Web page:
Chattanooga honors veterans, including fallen five service men
Under a clear blue sky, a Chattanooga utility worker hangs the last American flag along Veterans Bridge.
Family and friends of local veterans honored by these flags look on, including those of USMC Staff Sgt. David Wyatt. A flag will permanently fly in his memory along with the other servicemen killed on July 16th.
For Harriet Chipley, it's a gesture that lies close to her heart. One of the 30 flags honor her late husband, Major William Chipley, who served as a USMC pilot in World War II and the Korean War.
Major Chipley shared his love to fly with his passion to play football, playing professionally for the Boston Yanks and the New York Bulldogs.
"He played for them for three years and was called back in for the Korean War and flew once again as a Marine pilot," she said.
These stars and stripes will wave free looking over the city Major Chipley loved.
Donors from throughout the community allow the American flags to fly year-round through the Chattanooga's Veterans Flag Initiative.
For the last decade, the American flags were supplied by an anonymous donor that generously funded the replacement of the flags each year. That donation totaled about $40,000.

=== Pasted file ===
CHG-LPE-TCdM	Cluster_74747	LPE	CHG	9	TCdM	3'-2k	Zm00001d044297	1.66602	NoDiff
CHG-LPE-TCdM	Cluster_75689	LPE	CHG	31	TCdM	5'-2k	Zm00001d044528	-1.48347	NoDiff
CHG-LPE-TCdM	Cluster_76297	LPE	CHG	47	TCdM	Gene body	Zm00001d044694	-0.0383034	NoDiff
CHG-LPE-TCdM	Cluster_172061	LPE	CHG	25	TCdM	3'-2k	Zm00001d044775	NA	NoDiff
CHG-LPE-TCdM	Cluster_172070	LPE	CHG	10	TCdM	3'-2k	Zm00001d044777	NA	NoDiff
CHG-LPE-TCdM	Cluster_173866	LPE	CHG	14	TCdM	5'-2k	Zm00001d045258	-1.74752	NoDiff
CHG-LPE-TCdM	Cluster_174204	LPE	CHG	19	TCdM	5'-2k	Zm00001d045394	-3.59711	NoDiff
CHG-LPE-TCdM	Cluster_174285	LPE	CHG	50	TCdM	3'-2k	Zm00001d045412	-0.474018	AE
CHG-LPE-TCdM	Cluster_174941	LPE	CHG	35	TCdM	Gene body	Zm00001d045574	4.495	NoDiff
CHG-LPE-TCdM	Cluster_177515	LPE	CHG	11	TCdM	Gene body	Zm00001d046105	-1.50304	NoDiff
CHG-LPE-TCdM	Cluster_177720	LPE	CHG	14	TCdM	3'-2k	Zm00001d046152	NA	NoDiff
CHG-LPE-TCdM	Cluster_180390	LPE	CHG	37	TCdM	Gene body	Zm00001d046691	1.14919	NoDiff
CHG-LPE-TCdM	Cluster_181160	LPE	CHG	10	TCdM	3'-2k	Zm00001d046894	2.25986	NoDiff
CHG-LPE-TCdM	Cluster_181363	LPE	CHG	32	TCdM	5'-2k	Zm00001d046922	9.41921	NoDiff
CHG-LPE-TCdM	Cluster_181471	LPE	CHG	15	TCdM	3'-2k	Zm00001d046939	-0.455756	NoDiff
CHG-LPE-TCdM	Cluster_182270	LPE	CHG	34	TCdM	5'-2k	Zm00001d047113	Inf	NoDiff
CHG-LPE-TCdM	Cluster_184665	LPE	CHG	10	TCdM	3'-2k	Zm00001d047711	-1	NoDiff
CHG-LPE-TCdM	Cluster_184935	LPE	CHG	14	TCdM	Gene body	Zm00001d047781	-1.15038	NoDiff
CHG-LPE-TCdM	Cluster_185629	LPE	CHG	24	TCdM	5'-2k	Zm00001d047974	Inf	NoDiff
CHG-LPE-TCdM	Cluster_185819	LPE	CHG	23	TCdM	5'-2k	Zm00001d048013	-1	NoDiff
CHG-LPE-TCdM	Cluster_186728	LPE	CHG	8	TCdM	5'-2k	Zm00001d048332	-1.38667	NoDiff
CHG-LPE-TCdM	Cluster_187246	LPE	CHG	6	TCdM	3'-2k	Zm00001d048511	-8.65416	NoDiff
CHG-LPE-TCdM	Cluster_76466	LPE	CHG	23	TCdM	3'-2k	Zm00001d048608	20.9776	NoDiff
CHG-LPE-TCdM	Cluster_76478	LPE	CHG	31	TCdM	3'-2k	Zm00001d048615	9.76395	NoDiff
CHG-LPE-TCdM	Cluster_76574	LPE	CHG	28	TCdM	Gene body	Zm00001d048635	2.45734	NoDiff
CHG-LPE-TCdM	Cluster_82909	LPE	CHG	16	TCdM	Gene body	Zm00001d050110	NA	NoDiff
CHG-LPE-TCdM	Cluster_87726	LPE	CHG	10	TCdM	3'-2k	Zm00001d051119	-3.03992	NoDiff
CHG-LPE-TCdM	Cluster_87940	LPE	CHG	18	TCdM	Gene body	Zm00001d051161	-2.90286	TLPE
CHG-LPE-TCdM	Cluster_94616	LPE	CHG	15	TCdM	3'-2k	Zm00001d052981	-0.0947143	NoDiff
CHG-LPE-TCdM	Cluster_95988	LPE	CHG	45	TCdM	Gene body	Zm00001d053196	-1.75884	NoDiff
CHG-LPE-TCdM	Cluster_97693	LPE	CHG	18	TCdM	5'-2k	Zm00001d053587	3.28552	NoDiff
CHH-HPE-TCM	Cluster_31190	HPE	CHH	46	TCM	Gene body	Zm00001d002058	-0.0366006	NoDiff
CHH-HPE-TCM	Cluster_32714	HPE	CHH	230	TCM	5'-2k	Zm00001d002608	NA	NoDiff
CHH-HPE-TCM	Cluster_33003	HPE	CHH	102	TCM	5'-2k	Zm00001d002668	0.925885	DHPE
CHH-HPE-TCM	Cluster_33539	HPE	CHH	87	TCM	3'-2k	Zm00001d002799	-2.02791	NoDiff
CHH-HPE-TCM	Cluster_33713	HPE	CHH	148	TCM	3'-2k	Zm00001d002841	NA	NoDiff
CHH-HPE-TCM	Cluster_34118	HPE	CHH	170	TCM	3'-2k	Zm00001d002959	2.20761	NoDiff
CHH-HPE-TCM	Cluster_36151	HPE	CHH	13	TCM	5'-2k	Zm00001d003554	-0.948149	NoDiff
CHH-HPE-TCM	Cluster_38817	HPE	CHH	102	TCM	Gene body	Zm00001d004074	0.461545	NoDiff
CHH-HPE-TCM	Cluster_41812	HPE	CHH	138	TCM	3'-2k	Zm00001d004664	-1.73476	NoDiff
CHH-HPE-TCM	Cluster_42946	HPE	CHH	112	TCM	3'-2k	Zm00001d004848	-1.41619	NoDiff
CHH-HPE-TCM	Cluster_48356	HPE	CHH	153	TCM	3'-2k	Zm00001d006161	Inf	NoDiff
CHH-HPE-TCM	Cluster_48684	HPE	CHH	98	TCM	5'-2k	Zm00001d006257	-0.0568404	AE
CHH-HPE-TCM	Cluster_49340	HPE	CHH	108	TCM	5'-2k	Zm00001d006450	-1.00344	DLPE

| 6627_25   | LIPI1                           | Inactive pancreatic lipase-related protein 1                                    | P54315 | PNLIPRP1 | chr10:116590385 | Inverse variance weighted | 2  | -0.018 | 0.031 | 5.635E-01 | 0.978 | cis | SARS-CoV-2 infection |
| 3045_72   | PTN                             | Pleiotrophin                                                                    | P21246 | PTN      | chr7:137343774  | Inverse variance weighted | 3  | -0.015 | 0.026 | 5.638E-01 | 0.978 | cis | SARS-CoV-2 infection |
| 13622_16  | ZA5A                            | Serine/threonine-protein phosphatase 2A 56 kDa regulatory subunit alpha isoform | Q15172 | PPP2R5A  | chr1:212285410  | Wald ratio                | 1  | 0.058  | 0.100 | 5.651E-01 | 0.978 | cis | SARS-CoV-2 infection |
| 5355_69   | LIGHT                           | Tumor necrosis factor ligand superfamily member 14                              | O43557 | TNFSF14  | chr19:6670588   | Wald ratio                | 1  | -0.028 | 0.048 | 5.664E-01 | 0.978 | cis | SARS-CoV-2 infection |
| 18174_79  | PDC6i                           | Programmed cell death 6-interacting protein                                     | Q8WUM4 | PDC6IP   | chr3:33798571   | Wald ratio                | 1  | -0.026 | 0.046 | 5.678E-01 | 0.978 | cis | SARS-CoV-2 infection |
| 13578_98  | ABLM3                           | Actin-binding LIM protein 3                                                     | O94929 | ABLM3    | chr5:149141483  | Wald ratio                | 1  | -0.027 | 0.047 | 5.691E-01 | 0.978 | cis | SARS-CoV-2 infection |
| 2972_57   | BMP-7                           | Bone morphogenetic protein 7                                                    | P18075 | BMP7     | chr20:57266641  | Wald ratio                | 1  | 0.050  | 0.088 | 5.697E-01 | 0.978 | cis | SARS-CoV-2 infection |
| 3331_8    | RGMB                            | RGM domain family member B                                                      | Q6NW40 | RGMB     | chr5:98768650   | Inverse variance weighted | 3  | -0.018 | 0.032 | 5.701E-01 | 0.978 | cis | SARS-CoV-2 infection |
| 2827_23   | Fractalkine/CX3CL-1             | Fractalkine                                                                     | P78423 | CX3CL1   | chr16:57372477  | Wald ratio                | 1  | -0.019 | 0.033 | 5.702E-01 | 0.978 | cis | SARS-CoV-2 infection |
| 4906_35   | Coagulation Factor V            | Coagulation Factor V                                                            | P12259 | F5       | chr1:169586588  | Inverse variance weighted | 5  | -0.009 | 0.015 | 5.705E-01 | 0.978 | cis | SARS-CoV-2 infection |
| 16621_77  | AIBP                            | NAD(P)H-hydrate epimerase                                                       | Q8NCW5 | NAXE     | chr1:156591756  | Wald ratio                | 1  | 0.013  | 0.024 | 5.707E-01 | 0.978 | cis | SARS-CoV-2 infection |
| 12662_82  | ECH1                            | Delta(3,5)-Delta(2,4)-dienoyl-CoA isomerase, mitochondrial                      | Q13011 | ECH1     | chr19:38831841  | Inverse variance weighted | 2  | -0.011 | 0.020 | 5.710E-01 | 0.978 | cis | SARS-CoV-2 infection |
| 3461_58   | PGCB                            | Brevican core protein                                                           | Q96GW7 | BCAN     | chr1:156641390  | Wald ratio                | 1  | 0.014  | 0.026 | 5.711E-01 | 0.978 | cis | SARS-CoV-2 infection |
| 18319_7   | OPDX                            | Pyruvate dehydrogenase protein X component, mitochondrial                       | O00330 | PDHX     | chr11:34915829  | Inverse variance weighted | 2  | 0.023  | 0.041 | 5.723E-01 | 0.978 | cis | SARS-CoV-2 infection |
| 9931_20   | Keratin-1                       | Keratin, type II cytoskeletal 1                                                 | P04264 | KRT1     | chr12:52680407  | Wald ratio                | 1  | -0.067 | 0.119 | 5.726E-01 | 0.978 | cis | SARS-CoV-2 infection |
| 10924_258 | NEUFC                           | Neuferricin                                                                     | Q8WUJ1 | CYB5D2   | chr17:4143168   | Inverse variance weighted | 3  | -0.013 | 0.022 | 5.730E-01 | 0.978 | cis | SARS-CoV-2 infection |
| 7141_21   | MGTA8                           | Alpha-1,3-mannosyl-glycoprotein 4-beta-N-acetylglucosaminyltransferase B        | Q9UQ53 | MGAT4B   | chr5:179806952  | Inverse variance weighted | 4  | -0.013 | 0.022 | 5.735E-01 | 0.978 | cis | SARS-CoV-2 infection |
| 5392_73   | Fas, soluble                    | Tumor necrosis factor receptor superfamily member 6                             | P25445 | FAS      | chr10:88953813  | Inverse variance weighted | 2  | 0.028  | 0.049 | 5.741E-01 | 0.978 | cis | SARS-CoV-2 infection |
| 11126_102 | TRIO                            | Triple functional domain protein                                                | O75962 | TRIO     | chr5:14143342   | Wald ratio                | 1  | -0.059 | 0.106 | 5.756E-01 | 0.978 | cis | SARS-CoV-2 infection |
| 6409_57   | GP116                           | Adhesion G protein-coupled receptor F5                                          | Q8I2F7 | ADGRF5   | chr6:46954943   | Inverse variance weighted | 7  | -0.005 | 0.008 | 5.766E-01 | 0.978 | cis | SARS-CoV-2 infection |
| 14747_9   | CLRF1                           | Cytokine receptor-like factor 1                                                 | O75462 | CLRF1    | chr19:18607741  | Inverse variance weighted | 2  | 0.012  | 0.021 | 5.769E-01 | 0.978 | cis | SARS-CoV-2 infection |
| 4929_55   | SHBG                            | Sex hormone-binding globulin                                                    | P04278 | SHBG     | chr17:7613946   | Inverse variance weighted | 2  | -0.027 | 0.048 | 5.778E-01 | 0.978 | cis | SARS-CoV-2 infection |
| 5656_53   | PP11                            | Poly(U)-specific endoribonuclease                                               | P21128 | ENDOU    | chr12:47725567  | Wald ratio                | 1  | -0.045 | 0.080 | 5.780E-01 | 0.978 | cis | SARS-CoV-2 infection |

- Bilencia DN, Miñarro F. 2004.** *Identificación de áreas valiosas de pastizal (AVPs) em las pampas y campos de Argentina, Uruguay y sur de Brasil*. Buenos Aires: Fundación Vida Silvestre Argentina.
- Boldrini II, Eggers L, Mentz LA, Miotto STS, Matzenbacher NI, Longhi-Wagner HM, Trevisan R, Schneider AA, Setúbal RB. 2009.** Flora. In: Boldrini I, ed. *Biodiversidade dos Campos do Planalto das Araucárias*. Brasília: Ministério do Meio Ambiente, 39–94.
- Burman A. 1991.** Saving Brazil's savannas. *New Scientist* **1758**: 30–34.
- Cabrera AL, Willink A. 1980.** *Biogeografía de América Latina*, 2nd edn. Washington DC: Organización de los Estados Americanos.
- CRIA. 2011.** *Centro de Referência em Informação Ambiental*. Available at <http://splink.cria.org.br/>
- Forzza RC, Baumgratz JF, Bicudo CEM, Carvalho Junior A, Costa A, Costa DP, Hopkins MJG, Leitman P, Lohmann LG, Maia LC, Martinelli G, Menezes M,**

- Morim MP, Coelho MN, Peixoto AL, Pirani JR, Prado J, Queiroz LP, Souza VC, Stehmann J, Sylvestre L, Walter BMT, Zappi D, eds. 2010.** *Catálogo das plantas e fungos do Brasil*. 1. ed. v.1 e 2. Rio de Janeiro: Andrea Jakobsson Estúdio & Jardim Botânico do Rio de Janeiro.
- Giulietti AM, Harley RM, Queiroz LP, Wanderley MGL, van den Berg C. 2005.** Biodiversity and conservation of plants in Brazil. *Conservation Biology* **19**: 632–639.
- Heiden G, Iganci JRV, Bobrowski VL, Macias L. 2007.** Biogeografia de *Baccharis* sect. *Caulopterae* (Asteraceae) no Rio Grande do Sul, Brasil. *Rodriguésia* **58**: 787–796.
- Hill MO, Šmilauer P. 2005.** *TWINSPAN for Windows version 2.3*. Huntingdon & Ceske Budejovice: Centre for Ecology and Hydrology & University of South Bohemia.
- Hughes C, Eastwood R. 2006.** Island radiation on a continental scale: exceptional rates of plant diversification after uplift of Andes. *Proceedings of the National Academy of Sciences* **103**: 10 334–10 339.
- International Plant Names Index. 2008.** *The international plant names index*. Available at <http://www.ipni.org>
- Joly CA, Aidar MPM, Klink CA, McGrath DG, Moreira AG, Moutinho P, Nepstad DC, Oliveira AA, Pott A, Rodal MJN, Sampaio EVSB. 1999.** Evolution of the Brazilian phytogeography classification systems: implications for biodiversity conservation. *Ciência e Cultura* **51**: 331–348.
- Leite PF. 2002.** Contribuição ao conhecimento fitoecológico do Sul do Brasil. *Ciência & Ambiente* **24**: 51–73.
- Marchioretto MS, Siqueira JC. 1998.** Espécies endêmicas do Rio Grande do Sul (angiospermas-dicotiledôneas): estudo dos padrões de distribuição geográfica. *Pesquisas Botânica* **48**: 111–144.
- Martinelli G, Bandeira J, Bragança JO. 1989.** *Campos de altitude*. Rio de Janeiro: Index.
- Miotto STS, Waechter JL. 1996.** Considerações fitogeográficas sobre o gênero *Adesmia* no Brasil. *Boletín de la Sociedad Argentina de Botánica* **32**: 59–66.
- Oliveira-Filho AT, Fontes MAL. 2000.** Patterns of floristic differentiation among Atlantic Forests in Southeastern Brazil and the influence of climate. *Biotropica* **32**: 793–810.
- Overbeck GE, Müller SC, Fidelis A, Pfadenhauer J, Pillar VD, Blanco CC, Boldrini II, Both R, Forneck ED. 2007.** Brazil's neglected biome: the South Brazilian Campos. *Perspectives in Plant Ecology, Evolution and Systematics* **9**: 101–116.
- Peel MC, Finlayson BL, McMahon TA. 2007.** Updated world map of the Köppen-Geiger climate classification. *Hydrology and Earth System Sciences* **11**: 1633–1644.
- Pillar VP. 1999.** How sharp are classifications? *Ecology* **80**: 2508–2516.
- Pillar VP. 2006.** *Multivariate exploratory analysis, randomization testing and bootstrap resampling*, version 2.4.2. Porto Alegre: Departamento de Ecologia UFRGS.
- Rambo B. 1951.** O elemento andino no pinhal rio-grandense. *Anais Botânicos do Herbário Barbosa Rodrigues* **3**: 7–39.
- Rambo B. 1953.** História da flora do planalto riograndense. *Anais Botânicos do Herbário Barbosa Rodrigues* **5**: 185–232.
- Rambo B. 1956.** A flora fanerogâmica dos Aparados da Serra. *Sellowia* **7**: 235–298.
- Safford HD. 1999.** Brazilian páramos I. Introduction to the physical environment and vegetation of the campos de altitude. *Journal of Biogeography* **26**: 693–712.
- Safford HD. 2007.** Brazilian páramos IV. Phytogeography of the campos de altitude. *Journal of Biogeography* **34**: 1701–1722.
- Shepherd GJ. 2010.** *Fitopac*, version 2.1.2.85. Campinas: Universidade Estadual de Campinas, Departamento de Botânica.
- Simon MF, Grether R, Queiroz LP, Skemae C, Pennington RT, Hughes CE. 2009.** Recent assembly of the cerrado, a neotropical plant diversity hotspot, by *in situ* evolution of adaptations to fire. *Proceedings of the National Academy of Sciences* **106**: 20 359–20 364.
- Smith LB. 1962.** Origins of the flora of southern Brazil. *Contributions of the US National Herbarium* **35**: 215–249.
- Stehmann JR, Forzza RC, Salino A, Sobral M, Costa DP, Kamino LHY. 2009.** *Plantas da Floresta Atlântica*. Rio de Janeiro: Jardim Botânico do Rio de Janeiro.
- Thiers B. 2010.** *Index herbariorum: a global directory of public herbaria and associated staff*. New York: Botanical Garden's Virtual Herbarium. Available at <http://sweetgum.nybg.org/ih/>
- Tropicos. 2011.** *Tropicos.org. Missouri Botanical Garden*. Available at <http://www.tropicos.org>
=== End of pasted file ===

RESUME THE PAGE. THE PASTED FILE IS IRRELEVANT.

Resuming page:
The Transportation Department was notified in 2013 that the anonymous donor could no longer continue to provide those funds.
To fill that void, the city of Chattanooga announced the Veterans Bridge Flag Initiative, to keep our Veterans Bridge decorated with American flags.
Any group or individual can honor a service man or woman by donating the cost of a flag.
Each flag is $75 and will fly on a numbered pole on the Veterans Bridge from May until after Veterans Day in November.
Honorees will receive a proclamation recognizing their service to the country and proclaiming the pole number from which their flag flies. The flags will be offered to the donors at the end of each season.